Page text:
And finally there is the public outrage. People are up in arms that a relative had to die because of a suppressed therapy. In December of 2002 the New England Journal of Medicine came down hard on chemotherapy and boosted interest in alternatives. In fact, it seems that conventional treatment of multiple myeloma ranked no better than no treatment at all in a study published in the British Journal of Cancer [2000;82:1254-60]
In November of 1993, the state of Wisconsin finally gave up in its case against a chelation doctor while at the same time dumping the quackbusters (quackpots). We’d love for you to read the original article here: State Drops Case Against Alternative Medicine Doctor, but the news station reporting the story took it off the web. “It is a victory for freedom of choice, and I think it’s a victory for complementary and alternative medicine and, quite frankly, I think it’s a victory for Dr. Kadile, personally,”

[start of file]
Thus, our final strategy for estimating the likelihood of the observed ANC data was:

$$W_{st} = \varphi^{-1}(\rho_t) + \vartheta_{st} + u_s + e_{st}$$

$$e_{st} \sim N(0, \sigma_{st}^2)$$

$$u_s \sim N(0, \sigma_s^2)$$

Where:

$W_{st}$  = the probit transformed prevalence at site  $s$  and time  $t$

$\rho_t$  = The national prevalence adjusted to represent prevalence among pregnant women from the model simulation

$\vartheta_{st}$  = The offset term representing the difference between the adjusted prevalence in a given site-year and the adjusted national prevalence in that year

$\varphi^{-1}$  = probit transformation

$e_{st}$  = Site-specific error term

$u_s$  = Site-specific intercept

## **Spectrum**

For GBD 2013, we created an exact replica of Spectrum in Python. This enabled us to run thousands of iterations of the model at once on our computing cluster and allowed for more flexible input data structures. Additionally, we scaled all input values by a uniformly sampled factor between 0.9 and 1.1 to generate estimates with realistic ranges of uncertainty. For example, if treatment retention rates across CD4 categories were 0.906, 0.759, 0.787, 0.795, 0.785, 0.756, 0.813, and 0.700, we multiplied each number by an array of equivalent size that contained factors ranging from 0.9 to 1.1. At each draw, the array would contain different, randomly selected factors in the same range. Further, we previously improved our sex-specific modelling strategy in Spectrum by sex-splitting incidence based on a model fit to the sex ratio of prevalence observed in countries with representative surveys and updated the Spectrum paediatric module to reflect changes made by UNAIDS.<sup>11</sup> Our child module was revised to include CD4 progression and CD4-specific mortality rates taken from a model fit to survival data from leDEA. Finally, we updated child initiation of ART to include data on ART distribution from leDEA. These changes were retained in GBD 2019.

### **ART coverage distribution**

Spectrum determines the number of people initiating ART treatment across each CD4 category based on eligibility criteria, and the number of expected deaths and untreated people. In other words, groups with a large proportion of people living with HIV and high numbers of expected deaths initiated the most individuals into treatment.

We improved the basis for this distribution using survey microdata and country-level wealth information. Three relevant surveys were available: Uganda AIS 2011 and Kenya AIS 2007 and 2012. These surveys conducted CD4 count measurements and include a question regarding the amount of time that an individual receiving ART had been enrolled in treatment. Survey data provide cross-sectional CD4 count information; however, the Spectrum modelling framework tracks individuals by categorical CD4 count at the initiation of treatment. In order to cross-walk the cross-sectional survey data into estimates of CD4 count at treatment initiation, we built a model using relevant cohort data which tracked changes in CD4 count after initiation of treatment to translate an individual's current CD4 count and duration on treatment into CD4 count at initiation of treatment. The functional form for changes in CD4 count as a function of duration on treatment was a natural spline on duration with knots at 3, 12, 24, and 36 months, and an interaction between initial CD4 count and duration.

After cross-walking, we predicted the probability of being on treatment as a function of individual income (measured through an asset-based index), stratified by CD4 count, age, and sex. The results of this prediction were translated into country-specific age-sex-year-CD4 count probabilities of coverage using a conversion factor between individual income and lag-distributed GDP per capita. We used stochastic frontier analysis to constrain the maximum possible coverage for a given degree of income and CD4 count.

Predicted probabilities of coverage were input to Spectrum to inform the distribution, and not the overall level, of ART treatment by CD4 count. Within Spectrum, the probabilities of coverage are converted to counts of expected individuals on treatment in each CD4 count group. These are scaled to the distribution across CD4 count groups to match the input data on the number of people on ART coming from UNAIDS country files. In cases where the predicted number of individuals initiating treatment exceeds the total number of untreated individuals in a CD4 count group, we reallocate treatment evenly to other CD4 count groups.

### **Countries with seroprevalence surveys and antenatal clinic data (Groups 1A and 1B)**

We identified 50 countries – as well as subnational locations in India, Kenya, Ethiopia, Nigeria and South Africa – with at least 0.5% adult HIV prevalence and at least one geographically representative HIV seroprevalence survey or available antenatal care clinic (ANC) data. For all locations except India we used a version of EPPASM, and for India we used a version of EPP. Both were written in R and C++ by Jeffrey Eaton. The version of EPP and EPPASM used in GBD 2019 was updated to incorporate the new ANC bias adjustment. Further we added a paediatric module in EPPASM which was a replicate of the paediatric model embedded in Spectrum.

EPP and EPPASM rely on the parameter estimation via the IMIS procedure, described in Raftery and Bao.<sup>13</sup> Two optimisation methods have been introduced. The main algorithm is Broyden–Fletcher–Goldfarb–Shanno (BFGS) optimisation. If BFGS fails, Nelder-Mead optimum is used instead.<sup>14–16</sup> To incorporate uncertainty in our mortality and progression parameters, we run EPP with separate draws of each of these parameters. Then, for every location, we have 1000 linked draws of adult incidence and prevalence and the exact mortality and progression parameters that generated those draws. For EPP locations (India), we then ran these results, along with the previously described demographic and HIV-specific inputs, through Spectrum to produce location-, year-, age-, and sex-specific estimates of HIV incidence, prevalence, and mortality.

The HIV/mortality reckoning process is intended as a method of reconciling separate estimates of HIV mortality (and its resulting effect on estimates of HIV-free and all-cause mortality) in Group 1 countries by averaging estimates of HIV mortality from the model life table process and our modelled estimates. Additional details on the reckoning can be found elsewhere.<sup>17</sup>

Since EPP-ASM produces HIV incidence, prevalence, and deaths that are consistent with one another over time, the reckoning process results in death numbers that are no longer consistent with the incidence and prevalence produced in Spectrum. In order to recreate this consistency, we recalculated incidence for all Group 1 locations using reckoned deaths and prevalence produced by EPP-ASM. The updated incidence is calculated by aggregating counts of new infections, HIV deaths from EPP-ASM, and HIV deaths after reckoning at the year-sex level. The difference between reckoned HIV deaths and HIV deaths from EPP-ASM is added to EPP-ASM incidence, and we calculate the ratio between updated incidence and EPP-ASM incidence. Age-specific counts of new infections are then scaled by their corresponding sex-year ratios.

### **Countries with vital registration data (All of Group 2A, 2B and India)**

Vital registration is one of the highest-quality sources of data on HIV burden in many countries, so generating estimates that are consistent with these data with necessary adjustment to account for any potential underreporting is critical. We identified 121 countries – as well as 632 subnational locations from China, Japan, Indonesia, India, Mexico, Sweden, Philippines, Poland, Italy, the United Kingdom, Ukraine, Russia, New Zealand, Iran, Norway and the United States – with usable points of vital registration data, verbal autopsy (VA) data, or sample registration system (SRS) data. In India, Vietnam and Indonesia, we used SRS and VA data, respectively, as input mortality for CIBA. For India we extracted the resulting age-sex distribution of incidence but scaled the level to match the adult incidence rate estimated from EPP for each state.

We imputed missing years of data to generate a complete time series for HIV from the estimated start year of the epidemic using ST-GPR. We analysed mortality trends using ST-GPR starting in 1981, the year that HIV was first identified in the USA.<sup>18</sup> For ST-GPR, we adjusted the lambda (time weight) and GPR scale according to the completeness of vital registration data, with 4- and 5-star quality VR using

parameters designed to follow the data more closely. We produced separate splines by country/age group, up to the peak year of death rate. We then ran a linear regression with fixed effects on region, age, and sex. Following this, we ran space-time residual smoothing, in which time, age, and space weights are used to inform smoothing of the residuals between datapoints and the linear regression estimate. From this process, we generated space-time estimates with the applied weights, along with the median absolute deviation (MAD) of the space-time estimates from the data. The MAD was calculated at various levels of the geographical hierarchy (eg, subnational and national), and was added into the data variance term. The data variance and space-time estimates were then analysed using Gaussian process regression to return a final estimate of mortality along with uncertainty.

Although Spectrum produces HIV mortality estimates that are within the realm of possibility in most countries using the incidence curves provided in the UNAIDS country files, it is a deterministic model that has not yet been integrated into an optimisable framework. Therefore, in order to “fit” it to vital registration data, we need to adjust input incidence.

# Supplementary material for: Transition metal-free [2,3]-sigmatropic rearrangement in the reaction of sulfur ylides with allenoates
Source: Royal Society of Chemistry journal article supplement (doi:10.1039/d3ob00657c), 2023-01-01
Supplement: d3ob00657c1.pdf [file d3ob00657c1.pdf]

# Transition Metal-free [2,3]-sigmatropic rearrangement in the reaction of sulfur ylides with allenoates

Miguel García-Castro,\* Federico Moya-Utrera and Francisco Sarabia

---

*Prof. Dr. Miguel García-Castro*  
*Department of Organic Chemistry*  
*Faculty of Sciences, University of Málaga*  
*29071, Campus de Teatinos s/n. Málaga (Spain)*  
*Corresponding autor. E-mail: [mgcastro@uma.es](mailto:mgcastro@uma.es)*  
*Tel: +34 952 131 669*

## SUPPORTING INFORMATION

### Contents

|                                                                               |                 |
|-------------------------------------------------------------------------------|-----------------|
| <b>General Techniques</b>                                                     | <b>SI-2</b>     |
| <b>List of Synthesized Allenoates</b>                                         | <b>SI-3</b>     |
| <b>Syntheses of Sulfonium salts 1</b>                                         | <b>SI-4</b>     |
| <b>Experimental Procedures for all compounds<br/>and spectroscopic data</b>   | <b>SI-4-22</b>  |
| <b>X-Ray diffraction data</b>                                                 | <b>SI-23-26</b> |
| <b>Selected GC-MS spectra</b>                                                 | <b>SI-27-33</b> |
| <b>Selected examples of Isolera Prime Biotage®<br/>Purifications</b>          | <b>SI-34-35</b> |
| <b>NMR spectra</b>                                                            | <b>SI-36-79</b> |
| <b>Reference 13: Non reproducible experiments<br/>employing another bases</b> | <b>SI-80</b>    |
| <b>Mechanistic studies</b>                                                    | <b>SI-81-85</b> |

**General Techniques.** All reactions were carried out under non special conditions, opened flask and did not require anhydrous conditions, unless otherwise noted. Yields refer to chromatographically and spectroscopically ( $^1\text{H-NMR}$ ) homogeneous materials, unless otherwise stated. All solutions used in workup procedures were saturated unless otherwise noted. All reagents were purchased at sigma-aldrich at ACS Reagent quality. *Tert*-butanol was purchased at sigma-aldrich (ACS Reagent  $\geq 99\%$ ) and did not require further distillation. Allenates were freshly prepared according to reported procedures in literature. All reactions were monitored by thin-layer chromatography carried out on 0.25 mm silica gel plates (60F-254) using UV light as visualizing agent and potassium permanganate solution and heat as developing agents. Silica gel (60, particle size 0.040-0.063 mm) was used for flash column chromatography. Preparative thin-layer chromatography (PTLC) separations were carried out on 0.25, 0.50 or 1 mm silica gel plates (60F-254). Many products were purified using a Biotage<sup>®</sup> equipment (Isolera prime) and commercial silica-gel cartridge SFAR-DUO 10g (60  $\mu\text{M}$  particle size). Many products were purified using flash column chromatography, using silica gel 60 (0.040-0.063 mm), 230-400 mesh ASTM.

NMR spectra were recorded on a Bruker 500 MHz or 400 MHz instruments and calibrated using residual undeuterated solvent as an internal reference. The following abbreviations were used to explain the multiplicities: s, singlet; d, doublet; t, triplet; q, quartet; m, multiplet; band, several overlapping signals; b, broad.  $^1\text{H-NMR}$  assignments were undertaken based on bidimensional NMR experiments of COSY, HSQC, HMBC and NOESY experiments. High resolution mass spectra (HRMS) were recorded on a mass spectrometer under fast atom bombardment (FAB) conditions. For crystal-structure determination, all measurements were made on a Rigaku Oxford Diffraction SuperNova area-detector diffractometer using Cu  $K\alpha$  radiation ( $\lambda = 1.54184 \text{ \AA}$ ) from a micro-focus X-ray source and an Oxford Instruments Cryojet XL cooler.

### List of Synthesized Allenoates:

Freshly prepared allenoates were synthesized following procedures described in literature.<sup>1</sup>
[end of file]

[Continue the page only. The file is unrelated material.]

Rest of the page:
Yes, a victory for the people as now the State Board of medical licensing must allow physicians to use chelation therapy, but mainly it was a great victory for all humans as the quackpots were shown to be the ludicrous, frothing, liars that some of us have known them to be all along. The icing on the cake is that the quackpot originating the malicious lawsuit in the first place against Dr Kadile was sued in Federal court, butthis story has been removed from the web too.
So what is quackery? Quackery is fraud. What is science? Science is truth, or at least a search for truth. Though somewhere along the line science turned into fraud and humans turned into cadavers, unable to get the health care they needed, their health freedom being abrogated by those who “know better.” [An interesting read and thorough representation of science can be found here: Studies Show.]